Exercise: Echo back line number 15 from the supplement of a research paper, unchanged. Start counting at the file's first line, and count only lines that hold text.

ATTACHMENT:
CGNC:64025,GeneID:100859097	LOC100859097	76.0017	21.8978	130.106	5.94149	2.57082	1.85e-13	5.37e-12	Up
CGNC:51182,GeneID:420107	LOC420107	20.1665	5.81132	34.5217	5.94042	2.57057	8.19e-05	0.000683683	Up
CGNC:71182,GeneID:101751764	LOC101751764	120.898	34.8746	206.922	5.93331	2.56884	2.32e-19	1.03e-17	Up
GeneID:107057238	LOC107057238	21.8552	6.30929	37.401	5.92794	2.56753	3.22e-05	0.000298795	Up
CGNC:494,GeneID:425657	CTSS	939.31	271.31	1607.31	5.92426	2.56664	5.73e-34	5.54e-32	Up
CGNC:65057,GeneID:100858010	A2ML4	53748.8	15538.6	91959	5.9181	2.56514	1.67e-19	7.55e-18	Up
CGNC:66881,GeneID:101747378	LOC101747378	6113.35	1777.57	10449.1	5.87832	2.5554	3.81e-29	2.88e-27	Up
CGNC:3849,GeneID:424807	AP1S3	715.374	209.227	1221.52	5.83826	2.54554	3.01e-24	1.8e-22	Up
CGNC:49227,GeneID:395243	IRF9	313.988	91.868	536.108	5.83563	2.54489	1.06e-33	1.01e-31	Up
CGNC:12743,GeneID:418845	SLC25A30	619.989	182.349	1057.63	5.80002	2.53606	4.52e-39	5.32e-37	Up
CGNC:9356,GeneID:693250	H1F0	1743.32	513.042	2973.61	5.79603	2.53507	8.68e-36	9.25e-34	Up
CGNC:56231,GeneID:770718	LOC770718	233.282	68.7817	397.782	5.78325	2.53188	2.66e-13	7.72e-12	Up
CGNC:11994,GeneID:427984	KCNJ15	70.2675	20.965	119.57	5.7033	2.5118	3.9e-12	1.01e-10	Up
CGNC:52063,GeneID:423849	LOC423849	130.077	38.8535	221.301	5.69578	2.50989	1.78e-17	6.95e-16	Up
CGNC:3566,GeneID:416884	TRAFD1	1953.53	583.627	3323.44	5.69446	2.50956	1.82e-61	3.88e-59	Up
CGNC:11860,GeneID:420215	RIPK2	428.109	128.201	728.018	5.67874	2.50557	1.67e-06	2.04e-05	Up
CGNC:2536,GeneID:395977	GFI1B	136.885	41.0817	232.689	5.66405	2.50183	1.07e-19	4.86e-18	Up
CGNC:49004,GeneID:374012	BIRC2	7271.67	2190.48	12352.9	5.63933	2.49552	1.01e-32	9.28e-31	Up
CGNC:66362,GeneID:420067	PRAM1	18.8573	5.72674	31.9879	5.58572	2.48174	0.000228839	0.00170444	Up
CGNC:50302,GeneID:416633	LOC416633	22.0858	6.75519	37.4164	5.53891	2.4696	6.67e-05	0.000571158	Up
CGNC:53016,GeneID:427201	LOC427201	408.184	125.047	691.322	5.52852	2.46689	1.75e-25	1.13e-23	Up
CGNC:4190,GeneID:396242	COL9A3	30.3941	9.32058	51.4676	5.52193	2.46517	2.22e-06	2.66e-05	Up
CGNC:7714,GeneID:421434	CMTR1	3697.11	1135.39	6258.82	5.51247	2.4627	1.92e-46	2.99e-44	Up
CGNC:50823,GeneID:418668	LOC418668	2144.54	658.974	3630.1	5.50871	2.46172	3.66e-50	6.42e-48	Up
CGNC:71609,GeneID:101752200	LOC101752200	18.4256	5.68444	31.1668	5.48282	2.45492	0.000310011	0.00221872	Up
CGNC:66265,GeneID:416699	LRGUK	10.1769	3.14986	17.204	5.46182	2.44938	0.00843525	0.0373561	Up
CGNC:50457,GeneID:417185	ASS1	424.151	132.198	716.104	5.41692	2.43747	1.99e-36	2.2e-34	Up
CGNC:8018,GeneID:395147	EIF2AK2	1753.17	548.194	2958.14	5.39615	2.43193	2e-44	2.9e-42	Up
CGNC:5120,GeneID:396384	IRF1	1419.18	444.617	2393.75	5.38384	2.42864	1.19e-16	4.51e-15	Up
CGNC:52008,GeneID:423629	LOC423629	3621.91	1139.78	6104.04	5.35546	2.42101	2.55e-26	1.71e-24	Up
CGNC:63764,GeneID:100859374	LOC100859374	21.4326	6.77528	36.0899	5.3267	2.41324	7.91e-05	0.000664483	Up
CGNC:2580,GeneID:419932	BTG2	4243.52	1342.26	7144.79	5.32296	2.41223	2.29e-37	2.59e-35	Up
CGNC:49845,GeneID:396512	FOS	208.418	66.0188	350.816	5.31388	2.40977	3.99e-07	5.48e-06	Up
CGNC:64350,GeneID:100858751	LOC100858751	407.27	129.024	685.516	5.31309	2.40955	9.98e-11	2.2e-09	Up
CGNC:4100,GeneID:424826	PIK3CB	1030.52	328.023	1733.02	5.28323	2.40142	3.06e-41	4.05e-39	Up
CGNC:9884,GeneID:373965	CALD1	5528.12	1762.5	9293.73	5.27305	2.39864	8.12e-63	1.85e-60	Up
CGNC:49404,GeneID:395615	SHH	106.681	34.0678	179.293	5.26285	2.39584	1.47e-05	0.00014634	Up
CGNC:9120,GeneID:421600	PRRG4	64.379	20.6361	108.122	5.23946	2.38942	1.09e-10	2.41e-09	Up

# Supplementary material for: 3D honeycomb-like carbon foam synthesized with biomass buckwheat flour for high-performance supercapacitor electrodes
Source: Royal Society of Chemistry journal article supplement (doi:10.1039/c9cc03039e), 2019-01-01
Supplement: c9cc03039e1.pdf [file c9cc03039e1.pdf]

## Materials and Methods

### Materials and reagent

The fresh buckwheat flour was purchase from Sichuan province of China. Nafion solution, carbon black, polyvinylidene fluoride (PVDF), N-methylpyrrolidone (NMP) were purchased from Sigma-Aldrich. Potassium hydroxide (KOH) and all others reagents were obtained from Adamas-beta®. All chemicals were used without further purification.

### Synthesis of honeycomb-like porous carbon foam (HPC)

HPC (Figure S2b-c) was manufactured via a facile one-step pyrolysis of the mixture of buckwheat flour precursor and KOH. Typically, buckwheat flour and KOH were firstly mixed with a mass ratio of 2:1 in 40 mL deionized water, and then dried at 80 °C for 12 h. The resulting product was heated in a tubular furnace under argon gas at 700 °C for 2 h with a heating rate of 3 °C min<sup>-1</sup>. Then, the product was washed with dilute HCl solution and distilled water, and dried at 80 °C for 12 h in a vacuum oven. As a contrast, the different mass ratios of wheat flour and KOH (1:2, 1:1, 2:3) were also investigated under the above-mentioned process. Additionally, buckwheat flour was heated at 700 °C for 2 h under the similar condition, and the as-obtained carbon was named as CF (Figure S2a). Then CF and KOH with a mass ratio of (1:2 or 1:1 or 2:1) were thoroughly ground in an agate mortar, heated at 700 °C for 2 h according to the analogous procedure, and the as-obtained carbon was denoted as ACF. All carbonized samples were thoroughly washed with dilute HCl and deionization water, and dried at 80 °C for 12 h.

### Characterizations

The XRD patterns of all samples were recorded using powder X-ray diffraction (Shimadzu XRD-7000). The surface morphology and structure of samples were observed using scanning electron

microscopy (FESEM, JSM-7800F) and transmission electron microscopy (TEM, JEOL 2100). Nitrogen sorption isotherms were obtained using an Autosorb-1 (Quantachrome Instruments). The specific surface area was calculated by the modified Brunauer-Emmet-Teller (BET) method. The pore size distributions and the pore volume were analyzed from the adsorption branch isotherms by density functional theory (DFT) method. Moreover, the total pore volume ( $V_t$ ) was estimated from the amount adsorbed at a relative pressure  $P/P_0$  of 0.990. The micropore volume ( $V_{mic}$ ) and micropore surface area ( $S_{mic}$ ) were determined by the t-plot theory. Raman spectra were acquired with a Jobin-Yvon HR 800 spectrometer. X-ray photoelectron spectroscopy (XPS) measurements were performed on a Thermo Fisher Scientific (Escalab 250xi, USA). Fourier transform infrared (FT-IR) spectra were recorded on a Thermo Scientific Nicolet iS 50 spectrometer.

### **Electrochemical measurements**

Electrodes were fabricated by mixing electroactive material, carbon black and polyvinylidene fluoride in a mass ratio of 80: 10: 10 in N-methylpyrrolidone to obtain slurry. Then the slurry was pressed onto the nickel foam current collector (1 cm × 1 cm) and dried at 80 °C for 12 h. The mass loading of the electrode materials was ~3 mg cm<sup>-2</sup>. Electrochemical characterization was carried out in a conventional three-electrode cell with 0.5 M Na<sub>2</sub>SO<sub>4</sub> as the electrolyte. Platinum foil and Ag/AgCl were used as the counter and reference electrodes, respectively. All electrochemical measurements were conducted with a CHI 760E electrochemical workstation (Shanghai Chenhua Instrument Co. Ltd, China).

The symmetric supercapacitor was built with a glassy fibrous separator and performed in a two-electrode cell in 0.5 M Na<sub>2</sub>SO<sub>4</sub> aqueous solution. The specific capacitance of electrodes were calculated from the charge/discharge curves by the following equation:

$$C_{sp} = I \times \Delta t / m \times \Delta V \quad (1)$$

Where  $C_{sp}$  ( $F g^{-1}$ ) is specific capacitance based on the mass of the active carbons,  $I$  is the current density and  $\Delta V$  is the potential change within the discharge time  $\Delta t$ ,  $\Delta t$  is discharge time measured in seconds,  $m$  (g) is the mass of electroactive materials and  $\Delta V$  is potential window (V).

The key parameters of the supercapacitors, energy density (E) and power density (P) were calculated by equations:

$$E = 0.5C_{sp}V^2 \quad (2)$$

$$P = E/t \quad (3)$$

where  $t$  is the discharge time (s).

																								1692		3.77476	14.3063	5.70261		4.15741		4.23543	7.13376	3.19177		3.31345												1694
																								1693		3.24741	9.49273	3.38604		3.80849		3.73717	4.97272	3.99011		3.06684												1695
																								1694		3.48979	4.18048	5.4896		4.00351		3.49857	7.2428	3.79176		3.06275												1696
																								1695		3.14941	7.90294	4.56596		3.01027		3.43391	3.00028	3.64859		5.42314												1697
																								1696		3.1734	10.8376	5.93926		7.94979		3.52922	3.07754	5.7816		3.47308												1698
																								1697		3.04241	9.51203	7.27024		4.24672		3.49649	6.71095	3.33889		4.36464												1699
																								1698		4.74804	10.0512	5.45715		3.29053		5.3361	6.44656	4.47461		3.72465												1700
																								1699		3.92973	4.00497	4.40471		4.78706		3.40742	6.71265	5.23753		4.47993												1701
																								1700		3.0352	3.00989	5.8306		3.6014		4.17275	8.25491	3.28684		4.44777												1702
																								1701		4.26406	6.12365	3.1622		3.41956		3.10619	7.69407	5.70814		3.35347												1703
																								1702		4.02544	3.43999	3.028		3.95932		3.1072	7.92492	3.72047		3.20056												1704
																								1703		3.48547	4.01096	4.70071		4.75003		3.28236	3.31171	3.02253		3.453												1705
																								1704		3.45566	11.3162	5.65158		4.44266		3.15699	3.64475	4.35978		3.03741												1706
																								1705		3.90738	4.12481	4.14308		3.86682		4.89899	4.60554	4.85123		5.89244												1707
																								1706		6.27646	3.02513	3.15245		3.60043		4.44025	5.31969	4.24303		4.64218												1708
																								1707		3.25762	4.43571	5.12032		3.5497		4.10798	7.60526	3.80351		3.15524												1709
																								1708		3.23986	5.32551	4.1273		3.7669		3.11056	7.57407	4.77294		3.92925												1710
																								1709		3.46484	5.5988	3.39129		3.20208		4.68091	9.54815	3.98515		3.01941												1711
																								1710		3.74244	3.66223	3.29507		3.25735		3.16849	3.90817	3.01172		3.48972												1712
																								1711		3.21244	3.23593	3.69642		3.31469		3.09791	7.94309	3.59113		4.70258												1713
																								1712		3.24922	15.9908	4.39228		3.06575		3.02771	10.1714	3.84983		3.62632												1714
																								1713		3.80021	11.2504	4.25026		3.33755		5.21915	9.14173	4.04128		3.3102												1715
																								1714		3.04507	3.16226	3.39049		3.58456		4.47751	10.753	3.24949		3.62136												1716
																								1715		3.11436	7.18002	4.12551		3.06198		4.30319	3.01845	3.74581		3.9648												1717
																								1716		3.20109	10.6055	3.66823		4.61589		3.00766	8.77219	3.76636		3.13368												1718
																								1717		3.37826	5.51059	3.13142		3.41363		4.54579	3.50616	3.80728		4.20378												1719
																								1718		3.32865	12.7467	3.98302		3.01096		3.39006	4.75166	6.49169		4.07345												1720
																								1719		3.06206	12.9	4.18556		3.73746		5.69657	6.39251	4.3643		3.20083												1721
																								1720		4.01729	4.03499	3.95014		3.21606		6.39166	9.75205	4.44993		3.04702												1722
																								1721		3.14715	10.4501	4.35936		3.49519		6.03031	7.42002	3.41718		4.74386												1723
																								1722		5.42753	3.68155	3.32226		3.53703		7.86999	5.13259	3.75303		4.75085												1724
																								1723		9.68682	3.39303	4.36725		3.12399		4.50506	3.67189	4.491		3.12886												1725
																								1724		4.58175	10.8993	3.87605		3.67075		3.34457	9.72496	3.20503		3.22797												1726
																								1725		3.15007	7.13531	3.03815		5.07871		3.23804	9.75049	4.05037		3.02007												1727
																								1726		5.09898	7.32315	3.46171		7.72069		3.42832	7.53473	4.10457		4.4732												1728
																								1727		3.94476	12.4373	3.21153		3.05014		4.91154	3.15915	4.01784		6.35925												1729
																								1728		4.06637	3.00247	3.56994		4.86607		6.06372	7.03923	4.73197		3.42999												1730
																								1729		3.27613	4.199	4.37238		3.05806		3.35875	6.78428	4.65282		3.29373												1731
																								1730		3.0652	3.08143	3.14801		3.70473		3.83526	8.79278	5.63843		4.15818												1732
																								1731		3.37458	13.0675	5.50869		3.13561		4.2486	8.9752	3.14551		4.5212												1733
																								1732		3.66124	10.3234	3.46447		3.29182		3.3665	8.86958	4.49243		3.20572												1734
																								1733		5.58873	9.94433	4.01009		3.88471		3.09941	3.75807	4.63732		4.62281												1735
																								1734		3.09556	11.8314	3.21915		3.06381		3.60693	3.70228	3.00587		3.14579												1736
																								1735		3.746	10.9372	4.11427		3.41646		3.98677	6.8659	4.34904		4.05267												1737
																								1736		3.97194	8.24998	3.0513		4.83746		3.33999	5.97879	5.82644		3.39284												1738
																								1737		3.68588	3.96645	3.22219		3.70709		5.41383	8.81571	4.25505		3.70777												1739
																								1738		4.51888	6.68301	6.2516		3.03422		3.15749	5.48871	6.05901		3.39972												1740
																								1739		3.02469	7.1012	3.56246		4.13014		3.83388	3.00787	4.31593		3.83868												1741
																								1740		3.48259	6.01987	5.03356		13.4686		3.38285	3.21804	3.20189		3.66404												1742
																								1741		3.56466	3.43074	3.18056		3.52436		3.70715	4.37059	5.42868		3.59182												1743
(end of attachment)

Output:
CGNC:3566,GeneID:416884	TRAFD1	1953.53	583.627	3323.44	5.69446	2.50956	1.82e-61	3.88e-59	Up